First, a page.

The problem is particularly acute, the Commission noted, when it comes to children unknowingly making in-app purchases while playing games.
"This is significant for consumers. In particular, children must be better protected when playing online," said EU Commissioner for Consumer Policy Neven Mimica, in the release.
Among the reforms being pushed by the Commission include omission of the word "free" from games that ultimately accrue costs for the user; an end to games that push children to buy items within the game that cost real money; and sufficient information provided to consumers prior to making purchases, which cannot be made through stored debit or credit card information "without consumers' explicit consent."
"The Commission is very supportive of innovation in the app sector. In-app purchases are a legitimate business model, but it's essential for app-makers to understand and respect EU law while they develop these new business models," said European Commission Vice President Neelie Kroes, who is responsible for the Commission's Digital Agenda, in the release.
The Commission pointed to Google, which owns the Android mobile operating system, as a positive example of reform for in-app purchasing. For example, the Commission notes, the word "free" will no longer appear anywhere in games sold by Google that contain in-app purchases. And it has altered the default settings of its apps to require that payments be authorized before each purchase.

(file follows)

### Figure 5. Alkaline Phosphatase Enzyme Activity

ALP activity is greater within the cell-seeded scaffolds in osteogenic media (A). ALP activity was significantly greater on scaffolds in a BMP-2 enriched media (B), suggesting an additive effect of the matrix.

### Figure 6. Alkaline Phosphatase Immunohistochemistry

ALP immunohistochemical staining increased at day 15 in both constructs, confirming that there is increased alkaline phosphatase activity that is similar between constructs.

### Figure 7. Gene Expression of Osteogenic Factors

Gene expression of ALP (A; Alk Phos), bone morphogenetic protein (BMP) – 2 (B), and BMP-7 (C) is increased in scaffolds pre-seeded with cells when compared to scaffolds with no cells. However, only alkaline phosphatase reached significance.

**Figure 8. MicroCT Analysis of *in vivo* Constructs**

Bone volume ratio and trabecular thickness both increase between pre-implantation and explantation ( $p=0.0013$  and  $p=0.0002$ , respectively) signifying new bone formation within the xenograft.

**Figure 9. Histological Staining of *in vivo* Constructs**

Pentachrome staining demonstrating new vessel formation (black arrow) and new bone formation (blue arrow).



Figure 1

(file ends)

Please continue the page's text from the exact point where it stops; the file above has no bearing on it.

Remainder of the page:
But Apple, which makes the iPhone, was singled out for what the Commission says is its failure to offer a coherent solution.
"Regrettably, no concrete and immediate solutions have been made by Apple to date to address the concerns linked in particular to payment authorisation," the release states. While it adds that Apple has said it will address concerns linked to payment authorization, it notes that "no firm commitment and no timing have been provided for the implementation of such possible future changes."
For its part, Apple says any app sold in its App Store that allows for in-app purchases has been sufficiently labeled for consumers.
"Over the last year we made sure any app which enables customers to make in-app purchases is clearly marked," said an Apple spokesman. "We will continue to work with the EC member states to respond to their concerns."
Europe's large and growing app industry employs more than 1 million people and generates an annual revenue of around $13.53 billion, with 80 percent of that number coming from in-app purchases, according to Reuters, citing the European Commission.
The business model of in-app purchases has caused a stir on American shores of late as well, with the Federal Trade Commission filing a lawsuit against online mega-retailer Amazon last week for generating millions of dollars in revenue through children making in-app purchases on apps sold in the Amazon Appstore that were then charged to their unknowing parents. The FTC settled a similar case against Apple in January with Apple agreeing to "refund to customers at least $32.5 million in unauthorized charges made by children and to change its billing practices to require consent from parents for in-app spending," according to Reuters.